Both yogurt and cheese are produced by the fermentation of milk by lactic acid bacteria. During this process, a certain quantity of lactose is converted to lactic acid. Therefore, yogurt is generally well tolerated, particularly those with active bacterial cultures, which help digest lactose.4,8 In addition, the semisolid state of yogurt slows gastric emptying and gastrointestinal transit, providing more time for lactose digestion.2,3
Some examples of cheeses that contain very little lactose are Mozzarella, Cheddar, Swiss, Brie and Blue (see table below).1,3
Chocolate milk also tends to be better tolerated than plain milk, although the reason is unclear.7
Preferring lactose-free and lactose-reduced milk and dairy products
In its Updated Consensus Statement, the National Medical Association reports that lactose-free dairy products are the most ideal substitute for regular dairy products among individuals with lactose intolerance.3 In addition, evidence indicates that children prefer lactose-free cow’s milk over soy beverages.3
Furthermore, fortified beverages and other calcium-containing foods are not nutritionally equivalent replacements for cow’s milk. Incorporating such foods in one's diet may alter the overall dietary pattern, resulting in suboptimal intake of other key nutrients such as protein, magnesium, potassium, riboflavin and vitamin B12.3
Taking lactase enzyme pills
Oral lactase enzyme pills are another option to improve lactose digestion for those with lactose intolerance. It is recommended that the pills be taken with the first sip or bite of the dairy product.1,3
Calcium and lactose content in common milk products9
|Milk product||Calcium content (mg)||Lactose content (g)|
|Whole milk, 250 ml||291||13.02|
|Partly skimmed milk, 2% M.F., 250 ml||302||12.92|
|Partly skimmed milk, 1% M.F., 250 ml||322||13.41|
|Skim milk, 250 ml||316||13.18|
|Yogurt, plain, 2-3.9% M.F., 175 ml||272||4.56|
|Greek yogurt, plain, 0-0.5% M.F., 175 ml||193||4.42|
|Cheddar cheese, 50 g||360||0.12|
|Emmenthal Swiss cheese, 50 g||396||0.03|
|Mozzarella cheese, 50 g||252||0.04|
|Parmesan cheese, 50 g||554||0.08|
Lactose intolerance, whether real or perceived, should not be a barrier to achieving a healthy diet.
Milk and milk products are nutritious foods that provide several essential nutrients such as calcium, vitamin D, magnesium, potassium and protein, and are associated with several health benefits including bone health and a reduced risk of hypertension, type 2 diabetes and colorectal cancer.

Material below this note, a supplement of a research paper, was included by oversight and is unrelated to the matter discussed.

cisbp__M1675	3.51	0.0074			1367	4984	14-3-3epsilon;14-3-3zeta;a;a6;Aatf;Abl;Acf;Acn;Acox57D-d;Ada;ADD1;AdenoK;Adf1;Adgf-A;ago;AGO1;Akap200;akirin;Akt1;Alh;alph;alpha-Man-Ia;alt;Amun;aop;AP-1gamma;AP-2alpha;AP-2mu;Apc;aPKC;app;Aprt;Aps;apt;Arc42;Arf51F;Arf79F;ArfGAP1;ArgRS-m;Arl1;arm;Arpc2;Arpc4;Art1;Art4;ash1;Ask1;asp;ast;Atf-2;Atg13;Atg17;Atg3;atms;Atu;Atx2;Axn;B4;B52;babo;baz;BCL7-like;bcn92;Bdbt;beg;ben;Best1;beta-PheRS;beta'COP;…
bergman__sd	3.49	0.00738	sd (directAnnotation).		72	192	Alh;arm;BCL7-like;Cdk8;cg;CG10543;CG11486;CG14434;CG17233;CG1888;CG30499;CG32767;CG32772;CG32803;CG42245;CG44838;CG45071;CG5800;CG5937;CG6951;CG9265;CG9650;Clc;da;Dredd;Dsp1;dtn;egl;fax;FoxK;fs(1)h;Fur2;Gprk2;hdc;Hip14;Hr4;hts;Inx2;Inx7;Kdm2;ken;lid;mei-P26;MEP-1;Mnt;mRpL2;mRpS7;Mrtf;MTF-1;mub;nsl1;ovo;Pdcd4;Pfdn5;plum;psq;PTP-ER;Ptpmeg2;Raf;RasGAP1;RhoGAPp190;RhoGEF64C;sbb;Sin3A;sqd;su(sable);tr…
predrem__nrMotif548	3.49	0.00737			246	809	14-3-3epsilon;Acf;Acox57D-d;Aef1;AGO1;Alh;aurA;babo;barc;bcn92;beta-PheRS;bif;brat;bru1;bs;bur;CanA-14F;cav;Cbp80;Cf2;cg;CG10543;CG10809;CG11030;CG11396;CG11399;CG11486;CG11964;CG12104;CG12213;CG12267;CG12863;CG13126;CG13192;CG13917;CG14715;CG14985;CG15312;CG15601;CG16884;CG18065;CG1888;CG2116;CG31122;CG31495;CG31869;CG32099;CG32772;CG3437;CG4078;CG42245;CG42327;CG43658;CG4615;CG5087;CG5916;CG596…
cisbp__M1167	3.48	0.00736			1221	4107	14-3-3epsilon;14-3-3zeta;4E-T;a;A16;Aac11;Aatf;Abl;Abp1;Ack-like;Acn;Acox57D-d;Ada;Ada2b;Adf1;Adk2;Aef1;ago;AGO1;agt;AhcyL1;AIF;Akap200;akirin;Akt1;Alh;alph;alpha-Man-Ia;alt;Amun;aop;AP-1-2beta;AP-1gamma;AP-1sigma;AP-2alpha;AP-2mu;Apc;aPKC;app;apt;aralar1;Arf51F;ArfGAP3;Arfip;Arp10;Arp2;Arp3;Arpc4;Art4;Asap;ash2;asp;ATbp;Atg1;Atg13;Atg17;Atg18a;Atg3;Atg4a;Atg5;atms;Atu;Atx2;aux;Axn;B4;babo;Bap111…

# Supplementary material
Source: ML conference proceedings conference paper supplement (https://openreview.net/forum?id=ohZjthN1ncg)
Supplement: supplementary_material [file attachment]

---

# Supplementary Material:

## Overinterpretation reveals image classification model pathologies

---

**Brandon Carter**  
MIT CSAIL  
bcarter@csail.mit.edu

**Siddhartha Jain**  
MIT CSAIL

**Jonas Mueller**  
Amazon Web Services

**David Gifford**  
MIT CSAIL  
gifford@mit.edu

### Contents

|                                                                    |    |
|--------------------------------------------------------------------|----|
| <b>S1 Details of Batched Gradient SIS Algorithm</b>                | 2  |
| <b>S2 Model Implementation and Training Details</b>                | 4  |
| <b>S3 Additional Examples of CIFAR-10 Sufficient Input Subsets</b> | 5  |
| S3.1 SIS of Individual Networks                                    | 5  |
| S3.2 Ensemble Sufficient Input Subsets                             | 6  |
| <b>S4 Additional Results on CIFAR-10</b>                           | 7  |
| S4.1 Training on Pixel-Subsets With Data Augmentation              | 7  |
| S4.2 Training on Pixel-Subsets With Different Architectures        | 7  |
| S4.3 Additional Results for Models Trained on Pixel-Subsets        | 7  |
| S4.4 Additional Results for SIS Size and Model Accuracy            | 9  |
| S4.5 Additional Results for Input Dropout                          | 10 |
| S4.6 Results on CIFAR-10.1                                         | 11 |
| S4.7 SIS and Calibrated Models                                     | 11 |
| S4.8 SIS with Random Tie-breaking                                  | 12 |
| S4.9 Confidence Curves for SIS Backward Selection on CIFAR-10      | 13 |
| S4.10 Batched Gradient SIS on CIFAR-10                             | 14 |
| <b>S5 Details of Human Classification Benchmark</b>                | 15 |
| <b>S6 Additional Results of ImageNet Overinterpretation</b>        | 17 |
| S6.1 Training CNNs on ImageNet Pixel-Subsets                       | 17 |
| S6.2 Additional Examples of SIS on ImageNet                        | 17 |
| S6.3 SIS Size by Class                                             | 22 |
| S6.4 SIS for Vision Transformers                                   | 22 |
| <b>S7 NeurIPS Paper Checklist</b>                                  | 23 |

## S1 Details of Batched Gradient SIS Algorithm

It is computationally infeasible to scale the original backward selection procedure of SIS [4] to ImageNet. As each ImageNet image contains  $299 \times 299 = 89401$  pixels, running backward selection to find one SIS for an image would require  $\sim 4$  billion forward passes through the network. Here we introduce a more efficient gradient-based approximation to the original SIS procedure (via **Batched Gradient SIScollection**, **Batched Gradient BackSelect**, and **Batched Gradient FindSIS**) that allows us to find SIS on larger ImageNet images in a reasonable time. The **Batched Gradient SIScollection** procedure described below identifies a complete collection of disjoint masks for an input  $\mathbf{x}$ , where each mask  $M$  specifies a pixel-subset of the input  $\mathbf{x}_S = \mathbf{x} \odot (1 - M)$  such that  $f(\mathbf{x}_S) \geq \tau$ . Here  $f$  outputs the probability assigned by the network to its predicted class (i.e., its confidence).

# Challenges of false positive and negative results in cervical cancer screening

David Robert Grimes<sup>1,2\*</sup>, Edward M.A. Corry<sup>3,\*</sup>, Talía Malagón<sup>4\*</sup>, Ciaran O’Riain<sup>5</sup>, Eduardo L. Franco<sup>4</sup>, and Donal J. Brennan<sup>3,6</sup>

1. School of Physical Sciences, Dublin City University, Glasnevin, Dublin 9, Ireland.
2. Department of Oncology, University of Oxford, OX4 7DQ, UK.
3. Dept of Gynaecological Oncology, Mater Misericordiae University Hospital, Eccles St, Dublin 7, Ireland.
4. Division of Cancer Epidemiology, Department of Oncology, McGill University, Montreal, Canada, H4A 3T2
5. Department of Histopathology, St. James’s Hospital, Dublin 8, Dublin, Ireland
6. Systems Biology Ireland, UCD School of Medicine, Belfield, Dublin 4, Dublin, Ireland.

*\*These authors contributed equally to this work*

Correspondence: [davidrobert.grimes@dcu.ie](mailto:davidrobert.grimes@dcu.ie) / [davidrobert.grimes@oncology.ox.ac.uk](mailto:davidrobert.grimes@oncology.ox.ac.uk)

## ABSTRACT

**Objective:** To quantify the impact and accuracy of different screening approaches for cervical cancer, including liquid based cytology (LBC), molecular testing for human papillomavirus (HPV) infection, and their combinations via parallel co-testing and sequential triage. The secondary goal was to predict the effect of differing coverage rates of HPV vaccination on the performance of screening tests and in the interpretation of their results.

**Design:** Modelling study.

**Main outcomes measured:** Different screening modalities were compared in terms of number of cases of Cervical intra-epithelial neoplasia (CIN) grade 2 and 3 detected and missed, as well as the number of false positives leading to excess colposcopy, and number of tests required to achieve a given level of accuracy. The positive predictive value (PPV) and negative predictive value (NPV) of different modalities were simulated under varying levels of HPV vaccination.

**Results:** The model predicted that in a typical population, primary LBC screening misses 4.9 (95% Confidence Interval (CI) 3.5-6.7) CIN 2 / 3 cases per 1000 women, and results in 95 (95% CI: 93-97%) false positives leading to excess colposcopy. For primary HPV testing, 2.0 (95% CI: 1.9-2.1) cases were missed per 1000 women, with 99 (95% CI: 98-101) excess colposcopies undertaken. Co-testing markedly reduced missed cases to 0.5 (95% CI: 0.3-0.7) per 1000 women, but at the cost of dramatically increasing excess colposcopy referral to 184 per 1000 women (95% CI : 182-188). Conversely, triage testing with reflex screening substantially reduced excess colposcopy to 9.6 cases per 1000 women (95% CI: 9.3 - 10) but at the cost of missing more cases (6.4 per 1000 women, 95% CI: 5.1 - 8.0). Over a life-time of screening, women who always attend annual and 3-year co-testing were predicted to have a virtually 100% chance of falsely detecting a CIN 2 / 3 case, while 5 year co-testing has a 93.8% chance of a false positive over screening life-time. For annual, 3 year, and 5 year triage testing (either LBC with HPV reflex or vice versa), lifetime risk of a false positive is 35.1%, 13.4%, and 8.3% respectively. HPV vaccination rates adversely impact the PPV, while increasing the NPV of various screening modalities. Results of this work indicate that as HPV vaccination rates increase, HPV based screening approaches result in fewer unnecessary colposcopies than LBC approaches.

Among individuals with diagnosed lactose intolerance, various approaches can be employed to maintain milk and milk products as part of a healthy diet.
- Suchy FJ et al. NIH Consensus Development Conference Statement: lactose intolerance and health. NIH Consens State Sci Statements 2010;27:1-27.
- Heyman MB. Lactose intolerance in infants, children, and adolescents. Pediatrics 2006;118:1279-1286.
- Bailey RK et al. Lactose intolerance and health disparities among African Americans and Hispanic Americans: an updated consensus statement. J Natl Med Assoc 2013;105:112-127.
- Zaitlin P et al. Mistaken beliefs and the facts about milk and dairy foods. Nutr Today 2013;48:135-143.
- Misselwitz B et al. Lactose malabsorption and intolerance: pathogenesis, diagnosis and treatment. United European Gastroenterol J 2013;1:151-159.
- Nicklas TA et al. Self-perceived lactose intolerance results in lower intakes of calcium and dairy foods and is associated with hypertension and diabetes in adults. Am J Clin Nutr 2011;94:191-198.
- Heaney RP. Dairy intake, dietary adequacy, and lactose intolerance. Adv Nutr 2013;4:151-156.
- Rabot S et al. Guidance for substantiating the evidence for beneficial effects of probiotics: impact of probiotics on digestive system metabolism. J Nutr 2010;140:677S-689S.
- Health Canada. 2010. Canadian Nutrient File, version 2010. www.hc-sc.gc.ca. Accessed September 21, 2021.